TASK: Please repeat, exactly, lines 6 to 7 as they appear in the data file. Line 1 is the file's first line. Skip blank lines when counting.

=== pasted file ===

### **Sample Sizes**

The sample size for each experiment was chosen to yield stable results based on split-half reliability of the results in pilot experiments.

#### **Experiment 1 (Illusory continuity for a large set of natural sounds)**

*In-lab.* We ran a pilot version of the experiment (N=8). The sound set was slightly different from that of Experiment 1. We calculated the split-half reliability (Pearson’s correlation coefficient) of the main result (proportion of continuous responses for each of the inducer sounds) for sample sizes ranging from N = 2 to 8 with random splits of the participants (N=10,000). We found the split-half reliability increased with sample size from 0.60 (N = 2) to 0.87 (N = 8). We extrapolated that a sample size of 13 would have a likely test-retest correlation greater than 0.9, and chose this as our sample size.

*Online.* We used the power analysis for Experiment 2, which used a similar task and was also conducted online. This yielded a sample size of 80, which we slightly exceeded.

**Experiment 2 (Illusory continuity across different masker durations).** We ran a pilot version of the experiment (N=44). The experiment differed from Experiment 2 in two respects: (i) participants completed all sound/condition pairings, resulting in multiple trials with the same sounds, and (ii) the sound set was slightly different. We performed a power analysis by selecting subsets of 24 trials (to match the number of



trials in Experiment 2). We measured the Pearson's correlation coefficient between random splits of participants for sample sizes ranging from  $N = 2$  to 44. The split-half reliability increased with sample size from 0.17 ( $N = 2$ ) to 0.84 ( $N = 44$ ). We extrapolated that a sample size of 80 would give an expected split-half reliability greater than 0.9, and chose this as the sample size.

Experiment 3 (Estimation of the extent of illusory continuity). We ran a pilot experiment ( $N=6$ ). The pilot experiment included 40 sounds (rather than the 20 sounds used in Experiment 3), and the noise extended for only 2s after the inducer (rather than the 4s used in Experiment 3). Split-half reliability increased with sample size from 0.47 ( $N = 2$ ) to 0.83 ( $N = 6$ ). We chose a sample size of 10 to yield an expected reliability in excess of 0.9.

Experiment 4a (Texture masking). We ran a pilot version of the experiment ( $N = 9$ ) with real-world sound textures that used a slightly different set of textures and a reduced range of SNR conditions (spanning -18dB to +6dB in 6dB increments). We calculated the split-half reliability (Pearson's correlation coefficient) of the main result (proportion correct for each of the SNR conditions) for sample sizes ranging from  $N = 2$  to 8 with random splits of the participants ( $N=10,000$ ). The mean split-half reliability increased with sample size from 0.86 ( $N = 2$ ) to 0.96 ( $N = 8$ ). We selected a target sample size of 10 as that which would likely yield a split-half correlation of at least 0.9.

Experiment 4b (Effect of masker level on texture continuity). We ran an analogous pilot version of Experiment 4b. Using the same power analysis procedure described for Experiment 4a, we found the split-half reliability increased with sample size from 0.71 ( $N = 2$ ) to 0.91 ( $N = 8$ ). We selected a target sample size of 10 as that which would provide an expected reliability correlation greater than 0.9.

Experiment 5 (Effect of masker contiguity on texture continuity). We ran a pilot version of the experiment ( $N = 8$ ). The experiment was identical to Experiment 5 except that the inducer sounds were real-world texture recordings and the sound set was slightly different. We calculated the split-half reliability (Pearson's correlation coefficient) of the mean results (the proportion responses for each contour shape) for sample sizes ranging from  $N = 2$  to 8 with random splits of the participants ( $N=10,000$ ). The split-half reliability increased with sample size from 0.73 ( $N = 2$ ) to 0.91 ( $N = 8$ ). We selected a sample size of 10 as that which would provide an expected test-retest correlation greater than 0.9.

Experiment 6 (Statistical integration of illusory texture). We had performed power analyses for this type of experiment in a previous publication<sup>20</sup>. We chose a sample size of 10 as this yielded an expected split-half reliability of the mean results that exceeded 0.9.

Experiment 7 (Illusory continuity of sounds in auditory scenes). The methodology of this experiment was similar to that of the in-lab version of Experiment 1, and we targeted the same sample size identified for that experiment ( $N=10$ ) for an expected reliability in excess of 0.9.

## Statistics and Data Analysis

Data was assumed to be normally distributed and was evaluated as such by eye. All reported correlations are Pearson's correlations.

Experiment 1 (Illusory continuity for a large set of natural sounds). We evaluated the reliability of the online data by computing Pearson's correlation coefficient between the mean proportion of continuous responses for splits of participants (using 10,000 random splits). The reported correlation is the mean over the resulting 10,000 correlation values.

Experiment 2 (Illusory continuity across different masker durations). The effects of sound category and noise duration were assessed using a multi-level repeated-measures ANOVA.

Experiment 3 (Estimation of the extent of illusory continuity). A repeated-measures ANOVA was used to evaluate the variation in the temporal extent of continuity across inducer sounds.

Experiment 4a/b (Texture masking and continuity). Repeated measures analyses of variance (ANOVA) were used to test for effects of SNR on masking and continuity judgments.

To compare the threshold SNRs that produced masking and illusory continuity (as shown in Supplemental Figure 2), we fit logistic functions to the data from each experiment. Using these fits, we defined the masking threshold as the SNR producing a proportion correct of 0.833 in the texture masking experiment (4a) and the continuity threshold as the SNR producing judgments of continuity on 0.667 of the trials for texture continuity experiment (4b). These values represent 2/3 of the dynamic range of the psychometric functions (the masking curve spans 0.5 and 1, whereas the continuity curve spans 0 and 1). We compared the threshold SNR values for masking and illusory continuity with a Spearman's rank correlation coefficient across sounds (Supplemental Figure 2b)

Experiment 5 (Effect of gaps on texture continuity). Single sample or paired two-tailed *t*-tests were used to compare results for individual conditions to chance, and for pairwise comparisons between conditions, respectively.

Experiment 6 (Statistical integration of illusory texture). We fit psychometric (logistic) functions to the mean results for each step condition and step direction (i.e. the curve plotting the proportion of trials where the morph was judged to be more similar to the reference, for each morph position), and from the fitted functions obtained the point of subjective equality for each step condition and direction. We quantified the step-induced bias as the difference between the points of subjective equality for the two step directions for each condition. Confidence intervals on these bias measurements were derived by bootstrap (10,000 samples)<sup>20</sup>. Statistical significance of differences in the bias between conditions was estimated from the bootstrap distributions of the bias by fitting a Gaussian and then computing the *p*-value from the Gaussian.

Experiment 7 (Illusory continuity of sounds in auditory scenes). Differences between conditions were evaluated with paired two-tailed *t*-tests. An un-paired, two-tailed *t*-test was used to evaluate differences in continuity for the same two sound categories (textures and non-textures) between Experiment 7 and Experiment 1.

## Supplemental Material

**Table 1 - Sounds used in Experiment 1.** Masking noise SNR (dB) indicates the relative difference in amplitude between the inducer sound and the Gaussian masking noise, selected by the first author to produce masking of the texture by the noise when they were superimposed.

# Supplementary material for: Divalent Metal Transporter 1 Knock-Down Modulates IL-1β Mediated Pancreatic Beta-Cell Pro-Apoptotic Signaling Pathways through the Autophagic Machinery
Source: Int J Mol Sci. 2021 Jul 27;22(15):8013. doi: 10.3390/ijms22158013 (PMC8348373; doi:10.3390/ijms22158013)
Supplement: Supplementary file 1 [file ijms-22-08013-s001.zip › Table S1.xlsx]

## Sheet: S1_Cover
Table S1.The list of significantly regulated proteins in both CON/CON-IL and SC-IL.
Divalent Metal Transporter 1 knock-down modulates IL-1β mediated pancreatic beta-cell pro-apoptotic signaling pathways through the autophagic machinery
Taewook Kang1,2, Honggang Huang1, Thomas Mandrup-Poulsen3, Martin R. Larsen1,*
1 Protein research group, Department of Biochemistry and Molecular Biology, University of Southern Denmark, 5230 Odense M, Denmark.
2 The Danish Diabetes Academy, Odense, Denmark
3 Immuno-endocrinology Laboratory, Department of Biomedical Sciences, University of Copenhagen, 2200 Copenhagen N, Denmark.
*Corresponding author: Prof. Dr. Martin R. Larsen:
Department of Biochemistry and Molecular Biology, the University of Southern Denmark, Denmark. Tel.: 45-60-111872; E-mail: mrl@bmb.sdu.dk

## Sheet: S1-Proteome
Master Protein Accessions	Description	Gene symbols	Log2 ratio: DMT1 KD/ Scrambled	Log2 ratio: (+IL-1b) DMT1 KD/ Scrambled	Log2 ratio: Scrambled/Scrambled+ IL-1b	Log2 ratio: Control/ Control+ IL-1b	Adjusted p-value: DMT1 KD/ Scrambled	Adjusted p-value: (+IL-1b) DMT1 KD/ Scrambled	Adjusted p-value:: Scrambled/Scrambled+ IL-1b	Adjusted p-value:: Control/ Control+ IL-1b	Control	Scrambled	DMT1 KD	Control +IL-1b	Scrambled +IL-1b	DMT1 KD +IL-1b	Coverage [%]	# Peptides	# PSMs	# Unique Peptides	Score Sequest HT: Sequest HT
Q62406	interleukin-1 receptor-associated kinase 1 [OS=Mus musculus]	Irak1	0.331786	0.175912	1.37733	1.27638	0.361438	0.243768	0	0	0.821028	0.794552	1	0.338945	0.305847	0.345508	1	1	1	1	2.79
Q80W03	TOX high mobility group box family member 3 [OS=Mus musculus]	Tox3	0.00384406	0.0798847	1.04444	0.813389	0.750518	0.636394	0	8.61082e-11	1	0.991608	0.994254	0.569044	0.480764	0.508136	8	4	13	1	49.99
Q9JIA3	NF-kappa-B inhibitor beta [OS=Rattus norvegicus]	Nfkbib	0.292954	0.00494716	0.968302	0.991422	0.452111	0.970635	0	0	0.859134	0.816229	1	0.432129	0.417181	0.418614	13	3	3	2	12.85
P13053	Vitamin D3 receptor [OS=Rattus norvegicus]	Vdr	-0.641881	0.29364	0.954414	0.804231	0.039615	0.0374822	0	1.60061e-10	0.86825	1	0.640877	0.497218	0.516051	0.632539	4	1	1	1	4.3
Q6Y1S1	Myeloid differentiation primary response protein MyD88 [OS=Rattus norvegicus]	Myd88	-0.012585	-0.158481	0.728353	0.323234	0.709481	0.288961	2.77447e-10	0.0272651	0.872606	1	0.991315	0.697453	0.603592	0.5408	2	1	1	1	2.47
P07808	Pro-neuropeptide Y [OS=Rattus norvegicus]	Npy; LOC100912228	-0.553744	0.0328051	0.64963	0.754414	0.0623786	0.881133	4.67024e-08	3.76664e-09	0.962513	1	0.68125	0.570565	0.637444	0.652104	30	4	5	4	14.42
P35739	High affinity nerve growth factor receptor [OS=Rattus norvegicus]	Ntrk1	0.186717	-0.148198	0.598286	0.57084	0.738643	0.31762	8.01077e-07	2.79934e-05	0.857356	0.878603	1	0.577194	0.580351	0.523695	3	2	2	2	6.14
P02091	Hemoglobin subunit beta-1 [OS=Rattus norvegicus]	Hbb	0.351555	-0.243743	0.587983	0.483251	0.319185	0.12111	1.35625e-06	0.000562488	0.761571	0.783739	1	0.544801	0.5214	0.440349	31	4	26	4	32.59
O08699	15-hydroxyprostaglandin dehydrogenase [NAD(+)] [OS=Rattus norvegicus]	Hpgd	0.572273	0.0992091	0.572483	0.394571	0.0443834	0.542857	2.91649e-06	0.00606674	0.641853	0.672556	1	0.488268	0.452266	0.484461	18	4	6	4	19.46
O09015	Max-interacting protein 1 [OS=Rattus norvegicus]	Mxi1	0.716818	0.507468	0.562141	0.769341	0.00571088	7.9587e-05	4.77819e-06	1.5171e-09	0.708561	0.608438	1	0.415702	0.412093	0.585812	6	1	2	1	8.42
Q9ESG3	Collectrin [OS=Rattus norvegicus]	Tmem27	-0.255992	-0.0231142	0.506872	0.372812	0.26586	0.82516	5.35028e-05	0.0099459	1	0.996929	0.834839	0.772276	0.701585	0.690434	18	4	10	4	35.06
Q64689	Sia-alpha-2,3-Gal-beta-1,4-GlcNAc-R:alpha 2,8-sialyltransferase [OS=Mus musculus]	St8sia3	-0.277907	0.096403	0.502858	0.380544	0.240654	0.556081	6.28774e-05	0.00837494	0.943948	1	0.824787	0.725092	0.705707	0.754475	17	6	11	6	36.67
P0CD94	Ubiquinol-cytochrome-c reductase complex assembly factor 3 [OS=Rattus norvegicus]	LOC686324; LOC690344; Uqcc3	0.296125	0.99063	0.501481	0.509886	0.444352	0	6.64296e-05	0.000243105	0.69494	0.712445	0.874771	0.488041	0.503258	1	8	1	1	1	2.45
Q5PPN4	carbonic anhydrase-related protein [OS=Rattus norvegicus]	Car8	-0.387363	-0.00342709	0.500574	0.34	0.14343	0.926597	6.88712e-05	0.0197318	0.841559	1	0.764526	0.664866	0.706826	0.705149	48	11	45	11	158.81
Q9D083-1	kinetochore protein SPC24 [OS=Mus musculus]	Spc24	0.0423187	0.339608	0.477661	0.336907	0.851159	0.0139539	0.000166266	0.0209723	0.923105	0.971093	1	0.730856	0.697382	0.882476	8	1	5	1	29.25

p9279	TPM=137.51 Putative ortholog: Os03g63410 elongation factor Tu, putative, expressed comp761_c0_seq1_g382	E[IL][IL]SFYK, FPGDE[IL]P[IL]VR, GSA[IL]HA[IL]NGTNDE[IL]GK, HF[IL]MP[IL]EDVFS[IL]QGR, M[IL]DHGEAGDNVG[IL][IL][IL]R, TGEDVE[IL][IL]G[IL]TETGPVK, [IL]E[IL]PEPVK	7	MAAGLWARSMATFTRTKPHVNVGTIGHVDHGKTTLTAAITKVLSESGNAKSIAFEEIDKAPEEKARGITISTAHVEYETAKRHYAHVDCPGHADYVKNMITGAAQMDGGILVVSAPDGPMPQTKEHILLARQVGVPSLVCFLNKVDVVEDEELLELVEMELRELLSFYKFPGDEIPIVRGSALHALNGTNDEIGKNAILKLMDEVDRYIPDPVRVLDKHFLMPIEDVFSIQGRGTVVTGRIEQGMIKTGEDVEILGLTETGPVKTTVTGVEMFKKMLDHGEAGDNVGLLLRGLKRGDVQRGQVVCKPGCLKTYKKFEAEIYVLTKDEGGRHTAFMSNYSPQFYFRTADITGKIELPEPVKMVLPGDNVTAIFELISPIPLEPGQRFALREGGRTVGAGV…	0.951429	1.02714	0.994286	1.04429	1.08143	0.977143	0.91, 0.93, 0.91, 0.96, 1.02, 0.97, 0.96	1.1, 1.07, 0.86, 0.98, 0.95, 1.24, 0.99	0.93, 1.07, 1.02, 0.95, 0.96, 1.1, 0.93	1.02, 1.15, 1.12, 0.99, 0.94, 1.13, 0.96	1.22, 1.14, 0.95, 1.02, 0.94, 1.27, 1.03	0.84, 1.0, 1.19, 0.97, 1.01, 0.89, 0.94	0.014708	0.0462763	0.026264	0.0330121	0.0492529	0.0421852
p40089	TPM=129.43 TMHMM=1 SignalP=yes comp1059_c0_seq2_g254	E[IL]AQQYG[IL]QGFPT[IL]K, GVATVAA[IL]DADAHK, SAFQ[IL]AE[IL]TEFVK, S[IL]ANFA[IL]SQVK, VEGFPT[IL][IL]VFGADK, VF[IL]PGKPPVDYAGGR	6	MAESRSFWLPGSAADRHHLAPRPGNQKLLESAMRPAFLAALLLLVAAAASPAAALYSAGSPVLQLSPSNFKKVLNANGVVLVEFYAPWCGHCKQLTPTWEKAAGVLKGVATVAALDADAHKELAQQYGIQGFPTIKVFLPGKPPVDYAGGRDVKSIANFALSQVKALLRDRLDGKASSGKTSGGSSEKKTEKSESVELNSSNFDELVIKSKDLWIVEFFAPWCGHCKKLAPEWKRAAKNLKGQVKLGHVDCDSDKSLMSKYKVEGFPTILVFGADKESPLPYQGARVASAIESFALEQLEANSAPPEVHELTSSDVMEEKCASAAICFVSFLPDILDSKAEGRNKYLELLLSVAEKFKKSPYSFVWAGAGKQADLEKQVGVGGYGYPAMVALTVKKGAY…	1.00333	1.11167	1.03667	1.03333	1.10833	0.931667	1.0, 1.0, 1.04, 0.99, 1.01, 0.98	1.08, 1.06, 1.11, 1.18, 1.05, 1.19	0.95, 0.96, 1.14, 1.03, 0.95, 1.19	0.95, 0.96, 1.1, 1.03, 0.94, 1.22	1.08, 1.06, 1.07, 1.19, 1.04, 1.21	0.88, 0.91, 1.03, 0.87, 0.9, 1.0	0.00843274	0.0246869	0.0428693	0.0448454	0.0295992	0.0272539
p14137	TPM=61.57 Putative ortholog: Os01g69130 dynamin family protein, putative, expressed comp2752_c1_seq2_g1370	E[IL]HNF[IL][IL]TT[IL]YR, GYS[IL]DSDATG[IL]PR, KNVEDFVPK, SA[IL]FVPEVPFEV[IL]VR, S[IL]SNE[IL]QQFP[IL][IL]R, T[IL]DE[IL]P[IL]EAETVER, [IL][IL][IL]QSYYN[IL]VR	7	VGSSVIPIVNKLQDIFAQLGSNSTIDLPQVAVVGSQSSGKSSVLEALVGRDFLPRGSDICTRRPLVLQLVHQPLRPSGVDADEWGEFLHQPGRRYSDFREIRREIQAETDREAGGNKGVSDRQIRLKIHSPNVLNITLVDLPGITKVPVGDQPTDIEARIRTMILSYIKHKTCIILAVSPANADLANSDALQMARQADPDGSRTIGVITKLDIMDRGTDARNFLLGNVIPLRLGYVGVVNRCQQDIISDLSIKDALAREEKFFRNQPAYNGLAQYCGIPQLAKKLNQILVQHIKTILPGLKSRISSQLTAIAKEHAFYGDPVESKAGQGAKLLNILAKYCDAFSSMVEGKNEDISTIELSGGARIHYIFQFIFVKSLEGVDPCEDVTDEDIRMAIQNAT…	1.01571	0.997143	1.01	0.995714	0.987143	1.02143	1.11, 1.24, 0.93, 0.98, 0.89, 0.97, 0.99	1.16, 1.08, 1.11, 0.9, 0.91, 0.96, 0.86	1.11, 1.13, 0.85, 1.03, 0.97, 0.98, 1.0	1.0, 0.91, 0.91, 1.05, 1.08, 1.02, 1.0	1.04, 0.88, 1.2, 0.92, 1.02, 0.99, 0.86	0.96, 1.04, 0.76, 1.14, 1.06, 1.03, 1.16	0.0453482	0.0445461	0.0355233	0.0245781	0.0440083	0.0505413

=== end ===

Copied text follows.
**Experiment 2 (Illusory continuity across different masker durations).** We ran a pilot version of the experiment (N=44). The experiment differed from Experiment 2 in two respects: (i) participants completed all sound/condition pairings, resulting in multiple trials with the same sounds, and (ii) the sound set was slightly different. We performed a power analysis by selecting subsets of 24 trials (to match the number of



trials in Experiment 2). We measured the Pearson's correlation coefficient between random splits of participants for sample sizes ranging from  $N = 2$  to 44. The split-half reliability increased with sample size from 0.17 ( $N = 2$ ) to 0.84 ( $N = 44$ ). We extrapolated that a sample size of 80 would give an expected split-half reliability greater than 0.9, and chose this as the sample size.